The following day we actually did relax – we had a really good breakfast buffet at the hotel, where I learned to joy of chilaquiles for breakfast. These are tortilla chips baked with either a red or green sauce, with some sour cream and cheese. These are actually standard breakfast fare in Mexico – how cool is that? After breakfast, we spent time at the pool, and did some FUBAR socializing.
Our friends from Endurance were going to town, so I asked them to mail a letter to my brother (actually, a check – Wayne was depositing live checks into our account for us). Rosé had asked for stamps to day before at the marina and hotel, without luck. Later that afternoon, Kurt from Endurance came to visit us, and he told me a tale of woe related to my letter. To make a long story short, he told us that they needed pesos to buy the stamps, and that Steve had gone to an ATM. Trouble was, Steve left the card in the ATM. When he returned to the ATM that card was gone, so he had to call his bank to cancel the card. There were other details, but the saga made me feel really bad, and I promised them some really tasty blends to drown their sorrows. Now I’ll tell you what – I would never play poker with Kurt! He relayed this story with a totally straight face. He finally said that the story was BS – they simply asked the marina to mail the letter, which they did for no charge! Kurt definitely snookered me this time…
November 8th – 10th: Ensendada Marina Coral to Turtle Bay
We left the marina at 4:00PM, as scheduled. During the afternoon, while at the pool, we had seen a pretty large fog bank offshore, but it seemed to dissipate. Well, it came back with a vengeance. As soon as we left the marina, the fog came up like a gray wall. Visibility was probably a tenth of a mile, so once again we relied on the radar. Endurance was behind us by about a half of a mile, and Koumba Bang was on our starboard aft, but really close. Salacia stayed at Cruiseport, and left a few miles ahead of us. The Bang was close enough to make me nervous. Later, I asked them why they stayed so close – they told me they were trying to keep us in visual range. Anyway, we finally got some good spacing and slogged through the fog, which stayed pretty thick for about four hours.
For the watch schedule, we decided on four hour watches. Rosé was smart enough to immediately claim the 8:00PM to midnight watch, so Ron agreed to take the midnight to 4:00AM, and I would take the 4:00AM to 8:00AM. This worked out pretty well. Because of Ron’s experience on fishing boats, he could easily sleep on board, allowing him to have a couple of hours rest before the midnight watch. As the fog cleared, so did the seas. By morning, we had virtually flat seas, with no wind, no waves, and almost no swell. These were great conditions for the Baja coast.
Endurance enjoying flat seas and warm sunshine off the Baja coast
The seas actually got flatter as the day went on, with the water and air temperatures rising as we cruised south. This was a cruiser’s dream! Well, at least those of us who rely on power. There wasn’t enough wind to sail. We saw Razzle Dazzle on our AIS, and they were obviously motoring. We started fishing, but we only caught a couple of skipjack tuna, which Ron said were marginal eating. We decided to keep one of them to test out his claim. Towards sunset on the ninth, we took some pictures of Endurance, and they did the same for us. These would be the first pictures we had of Tropical Blend on the open sea. We settled in for an easy night on watch.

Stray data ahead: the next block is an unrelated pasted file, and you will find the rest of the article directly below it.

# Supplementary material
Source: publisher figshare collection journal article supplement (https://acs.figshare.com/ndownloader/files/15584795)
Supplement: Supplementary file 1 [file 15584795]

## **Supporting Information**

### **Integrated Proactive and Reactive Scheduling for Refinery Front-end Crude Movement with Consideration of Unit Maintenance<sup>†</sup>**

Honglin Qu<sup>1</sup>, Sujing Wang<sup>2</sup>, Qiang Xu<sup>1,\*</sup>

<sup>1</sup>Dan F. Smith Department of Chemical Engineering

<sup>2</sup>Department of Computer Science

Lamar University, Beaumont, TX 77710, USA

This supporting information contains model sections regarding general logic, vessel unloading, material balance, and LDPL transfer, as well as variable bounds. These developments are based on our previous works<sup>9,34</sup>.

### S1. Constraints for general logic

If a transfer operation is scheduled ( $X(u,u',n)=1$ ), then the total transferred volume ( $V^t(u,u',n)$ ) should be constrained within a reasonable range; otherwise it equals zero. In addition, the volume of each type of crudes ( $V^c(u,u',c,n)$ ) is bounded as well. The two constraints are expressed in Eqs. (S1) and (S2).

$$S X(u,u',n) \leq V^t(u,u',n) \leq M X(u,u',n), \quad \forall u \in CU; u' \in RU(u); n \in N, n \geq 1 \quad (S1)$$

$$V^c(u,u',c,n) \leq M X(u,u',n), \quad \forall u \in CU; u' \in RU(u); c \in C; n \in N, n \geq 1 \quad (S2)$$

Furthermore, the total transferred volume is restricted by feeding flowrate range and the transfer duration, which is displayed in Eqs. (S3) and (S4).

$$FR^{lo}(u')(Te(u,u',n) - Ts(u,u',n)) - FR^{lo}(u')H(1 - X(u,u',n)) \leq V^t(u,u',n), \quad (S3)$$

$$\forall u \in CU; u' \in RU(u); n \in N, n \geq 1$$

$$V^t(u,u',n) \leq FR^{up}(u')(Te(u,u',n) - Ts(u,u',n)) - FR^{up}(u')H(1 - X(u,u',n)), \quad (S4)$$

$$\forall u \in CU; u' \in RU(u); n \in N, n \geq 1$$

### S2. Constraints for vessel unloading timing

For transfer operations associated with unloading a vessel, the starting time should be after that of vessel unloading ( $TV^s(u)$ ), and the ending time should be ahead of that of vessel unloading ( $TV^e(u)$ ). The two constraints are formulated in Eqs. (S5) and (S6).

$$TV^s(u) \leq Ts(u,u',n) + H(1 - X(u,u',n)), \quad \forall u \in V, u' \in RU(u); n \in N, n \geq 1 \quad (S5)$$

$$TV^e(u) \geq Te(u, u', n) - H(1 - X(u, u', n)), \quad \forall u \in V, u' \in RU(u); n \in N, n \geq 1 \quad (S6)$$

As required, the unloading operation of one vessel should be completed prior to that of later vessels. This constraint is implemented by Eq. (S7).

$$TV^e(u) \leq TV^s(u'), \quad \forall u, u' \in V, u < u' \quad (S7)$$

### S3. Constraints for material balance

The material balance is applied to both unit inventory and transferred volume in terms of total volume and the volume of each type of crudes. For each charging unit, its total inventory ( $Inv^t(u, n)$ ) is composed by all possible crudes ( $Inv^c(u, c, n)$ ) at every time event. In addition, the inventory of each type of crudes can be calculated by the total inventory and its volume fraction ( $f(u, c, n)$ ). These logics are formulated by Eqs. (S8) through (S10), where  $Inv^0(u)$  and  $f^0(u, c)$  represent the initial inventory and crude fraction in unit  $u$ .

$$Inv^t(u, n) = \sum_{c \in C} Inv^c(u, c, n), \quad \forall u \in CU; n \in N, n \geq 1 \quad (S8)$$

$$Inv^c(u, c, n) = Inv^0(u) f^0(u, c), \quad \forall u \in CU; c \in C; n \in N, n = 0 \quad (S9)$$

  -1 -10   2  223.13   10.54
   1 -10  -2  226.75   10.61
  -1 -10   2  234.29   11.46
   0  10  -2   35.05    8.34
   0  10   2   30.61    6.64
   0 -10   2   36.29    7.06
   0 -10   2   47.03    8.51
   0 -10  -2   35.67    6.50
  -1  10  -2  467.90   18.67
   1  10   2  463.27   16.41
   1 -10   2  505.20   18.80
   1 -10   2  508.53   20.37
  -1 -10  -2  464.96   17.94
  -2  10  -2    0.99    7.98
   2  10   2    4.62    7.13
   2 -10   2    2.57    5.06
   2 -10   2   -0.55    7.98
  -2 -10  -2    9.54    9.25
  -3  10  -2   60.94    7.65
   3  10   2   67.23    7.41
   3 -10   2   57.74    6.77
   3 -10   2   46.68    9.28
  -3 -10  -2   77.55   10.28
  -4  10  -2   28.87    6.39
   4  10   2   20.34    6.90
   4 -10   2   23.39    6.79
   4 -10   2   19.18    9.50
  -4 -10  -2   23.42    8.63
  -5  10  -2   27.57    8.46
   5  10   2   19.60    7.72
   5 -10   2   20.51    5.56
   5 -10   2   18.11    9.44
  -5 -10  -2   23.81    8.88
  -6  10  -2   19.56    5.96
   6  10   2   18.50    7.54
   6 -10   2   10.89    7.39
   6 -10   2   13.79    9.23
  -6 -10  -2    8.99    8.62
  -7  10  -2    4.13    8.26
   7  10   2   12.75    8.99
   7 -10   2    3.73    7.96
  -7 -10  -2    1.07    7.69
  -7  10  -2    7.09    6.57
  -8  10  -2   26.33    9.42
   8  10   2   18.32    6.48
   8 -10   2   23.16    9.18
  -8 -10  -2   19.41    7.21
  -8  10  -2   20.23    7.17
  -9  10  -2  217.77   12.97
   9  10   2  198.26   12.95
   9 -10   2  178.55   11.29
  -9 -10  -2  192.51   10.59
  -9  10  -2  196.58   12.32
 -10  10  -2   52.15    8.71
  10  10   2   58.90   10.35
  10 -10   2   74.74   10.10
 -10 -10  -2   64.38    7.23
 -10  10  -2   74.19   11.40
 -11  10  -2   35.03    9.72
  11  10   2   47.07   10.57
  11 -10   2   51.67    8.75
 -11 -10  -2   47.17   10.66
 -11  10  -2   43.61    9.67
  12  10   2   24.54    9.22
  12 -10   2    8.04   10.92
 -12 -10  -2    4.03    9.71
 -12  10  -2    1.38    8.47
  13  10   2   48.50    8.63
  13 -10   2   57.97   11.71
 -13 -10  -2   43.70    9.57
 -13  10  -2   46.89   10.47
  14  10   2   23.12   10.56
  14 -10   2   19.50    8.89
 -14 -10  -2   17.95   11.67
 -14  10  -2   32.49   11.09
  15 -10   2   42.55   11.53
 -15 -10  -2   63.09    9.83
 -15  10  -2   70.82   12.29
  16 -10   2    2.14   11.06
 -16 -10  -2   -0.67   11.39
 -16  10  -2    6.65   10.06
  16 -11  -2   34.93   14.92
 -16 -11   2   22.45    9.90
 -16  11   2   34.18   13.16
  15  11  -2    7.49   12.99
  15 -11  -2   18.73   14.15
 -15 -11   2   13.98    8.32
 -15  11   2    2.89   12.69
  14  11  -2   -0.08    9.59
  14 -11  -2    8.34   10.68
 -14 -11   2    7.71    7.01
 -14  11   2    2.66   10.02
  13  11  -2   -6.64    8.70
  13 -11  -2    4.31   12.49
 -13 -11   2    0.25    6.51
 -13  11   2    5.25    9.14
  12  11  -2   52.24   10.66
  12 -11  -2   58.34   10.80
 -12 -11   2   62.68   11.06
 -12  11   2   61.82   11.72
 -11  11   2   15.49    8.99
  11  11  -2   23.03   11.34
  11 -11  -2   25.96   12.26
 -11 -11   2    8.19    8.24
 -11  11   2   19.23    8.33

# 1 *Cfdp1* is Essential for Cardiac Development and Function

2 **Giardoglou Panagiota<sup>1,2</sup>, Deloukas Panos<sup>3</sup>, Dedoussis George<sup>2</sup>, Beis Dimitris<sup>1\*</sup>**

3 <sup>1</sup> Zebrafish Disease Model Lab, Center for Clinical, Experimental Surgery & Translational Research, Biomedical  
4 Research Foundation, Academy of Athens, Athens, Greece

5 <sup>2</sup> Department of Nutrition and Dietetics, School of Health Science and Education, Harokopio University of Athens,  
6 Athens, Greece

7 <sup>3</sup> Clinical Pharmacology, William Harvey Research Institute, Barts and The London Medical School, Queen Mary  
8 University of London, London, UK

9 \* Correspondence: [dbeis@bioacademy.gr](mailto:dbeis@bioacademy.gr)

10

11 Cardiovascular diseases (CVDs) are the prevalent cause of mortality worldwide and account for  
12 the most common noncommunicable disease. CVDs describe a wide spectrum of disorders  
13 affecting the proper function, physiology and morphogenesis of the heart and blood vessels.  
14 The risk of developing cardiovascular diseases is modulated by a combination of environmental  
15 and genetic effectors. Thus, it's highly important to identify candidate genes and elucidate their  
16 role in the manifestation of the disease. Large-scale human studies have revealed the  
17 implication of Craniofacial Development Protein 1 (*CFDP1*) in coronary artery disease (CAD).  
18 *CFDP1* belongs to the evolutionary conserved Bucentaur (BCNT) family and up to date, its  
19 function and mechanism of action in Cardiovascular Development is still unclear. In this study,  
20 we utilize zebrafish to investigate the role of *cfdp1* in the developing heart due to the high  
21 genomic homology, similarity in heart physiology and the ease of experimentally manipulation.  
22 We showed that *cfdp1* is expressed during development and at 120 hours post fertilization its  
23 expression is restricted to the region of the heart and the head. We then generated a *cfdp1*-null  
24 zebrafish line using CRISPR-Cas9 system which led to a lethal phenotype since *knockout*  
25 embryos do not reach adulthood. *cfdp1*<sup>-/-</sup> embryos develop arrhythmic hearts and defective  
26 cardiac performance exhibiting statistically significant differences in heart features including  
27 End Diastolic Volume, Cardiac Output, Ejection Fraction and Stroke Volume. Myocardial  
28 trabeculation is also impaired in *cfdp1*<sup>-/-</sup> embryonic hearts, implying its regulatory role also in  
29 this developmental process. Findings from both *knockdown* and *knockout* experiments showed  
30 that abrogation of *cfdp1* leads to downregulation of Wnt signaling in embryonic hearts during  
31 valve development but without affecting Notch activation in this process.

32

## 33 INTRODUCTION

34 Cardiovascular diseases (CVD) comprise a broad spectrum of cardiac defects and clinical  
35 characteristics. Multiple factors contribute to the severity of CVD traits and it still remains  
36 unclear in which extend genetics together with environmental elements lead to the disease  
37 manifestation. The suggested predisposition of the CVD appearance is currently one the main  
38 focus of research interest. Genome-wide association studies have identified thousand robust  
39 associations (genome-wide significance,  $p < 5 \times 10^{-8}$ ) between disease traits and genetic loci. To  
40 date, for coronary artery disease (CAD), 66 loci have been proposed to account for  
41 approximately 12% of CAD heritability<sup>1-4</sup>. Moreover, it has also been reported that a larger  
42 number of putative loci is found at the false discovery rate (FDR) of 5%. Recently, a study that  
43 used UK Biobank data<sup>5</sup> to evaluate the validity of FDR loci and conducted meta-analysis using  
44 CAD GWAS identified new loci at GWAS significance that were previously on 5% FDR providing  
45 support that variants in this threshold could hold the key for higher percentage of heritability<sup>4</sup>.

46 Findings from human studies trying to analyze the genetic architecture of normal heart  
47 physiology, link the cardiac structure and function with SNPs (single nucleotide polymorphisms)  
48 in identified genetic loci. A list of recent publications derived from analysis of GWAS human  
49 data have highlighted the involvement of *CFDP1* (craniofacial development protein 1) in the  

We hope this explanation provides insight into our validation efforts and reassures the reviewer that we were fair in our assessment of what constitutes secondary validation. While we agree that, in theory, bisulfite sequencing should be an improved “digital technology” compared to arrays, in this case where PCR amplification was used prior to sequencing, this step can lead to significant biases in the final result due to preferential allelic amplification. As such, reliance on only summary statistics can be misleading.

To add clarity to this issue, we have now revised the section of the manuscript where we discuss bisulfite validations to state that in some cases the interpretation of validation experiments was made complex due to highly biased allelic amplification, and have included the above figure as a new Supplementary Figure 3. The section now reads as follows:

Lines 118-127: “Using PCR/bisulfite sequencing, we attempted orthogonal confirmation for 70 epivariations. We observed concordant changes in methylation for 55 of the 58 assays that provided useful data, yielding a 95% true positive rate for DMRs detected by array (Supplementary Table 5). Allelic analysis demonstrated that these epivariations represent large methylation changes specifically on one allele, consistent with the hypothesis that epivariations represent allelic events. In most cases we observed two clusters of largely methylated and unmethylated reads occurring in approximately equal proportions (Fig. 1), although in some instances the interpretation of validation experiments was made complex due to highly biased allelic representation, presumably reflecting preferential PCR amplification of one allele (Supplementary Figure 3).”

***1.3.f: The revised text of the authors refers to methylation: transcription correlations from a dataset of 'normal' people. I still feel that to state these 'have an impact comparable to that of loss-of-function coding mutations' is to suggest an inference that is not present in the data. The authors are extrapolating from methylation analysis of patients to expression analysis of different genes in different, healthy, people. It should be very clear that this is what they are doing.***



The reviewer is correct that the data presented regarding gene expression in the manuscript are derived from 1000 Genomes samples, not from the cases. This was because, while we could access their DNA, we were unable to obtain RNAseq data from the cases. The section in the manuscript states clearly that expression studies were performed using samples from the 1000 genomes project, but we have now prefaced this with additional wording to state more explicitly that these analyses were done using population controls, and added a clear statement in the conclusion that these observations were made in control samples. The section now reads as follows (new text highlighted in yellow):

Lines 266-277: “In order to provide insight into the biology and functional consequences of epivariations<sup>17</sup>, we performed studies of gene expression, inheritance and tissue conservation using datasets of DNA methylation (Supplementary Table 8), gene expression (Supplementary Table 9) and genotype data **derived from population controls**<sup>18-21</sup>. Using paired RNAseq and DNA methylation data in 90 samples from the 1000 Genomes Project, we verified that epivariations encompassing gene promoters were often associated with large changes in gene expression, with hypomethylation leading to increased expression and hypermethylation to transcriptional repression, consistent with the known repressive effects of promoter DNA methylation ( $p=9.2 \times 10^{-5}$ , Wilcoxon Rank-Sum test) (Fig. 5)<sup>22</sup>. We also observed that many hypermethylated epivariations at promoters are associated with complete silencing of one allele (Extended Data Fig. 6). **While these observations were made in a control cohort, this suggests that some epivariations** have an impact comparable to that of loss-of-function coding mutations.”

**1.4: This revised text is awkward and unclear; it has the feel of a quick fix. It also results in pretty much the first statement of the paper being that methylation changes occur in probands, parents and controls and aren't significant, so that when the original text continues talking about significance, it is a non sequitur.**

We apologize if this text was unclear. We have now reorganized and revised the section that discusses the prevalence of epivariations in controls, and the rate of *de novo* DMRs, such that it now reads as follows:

Position at destination: 27°41’ N, 114°54’ W
Air temp: 80, Water temp: 72
Nautical miles for this leg: 281.8 Total: 855
November 10th – 11th: Turtle Bay
We arrived at Turtle Bay a little before noon on the 10th. We were greeted, as is customary, by a dolphin that puts on quite a display, jumping out of the water and seeming to enjoy the arrival of boats. We decided to anchor on the western side of the bay, which seemed to have more protection from the wind. When we arrived, it was pretty calm, but early in the afternoon the wind picked up and the chop in the bay was substantial. Endurance also anchored with us, as did a Nordhavn 55 called Insignia.
Salacia had arrived a little before us, and had chosen to anchor in the east end, closer to the town. Most of the fleet would anchor here. We lowered the Little Blend, and went off to visit Salacia. After that, we decided go into the village for lunch. The dock at Turtle Bay is notorious. It has gaps in it, and the stairway from the floating section to the fixed dock above is really treacherous. At the previous FUBAR in 2011, the weather was up, and many of the people decided not to risk their limbs making the leap from the floating dock to the stairway. Today it wasn’t too bad, but as they say, watch out for that step!
The village at Turtle Bay is pretty small, with no paved streets. It was really dusty in town, and apparently only one restaurant was open. We ran into our friends from Endurance – they had gone in earlier and beached their dink. There aren’t many dinghy docks in Mexico and Central America, so in order to beach the dinghy; you need something light enough to haul it up and down. That wasn’t going to be possible with the Little Blend, so we would either need a dock, or anchor out past the surf line. For the trip to Mexico, Endurance had replaced their normal dink with an 8.5’ that had an inflatable bottom and a 2.3hp motor. It was light enough for them to carry it up onto a beach.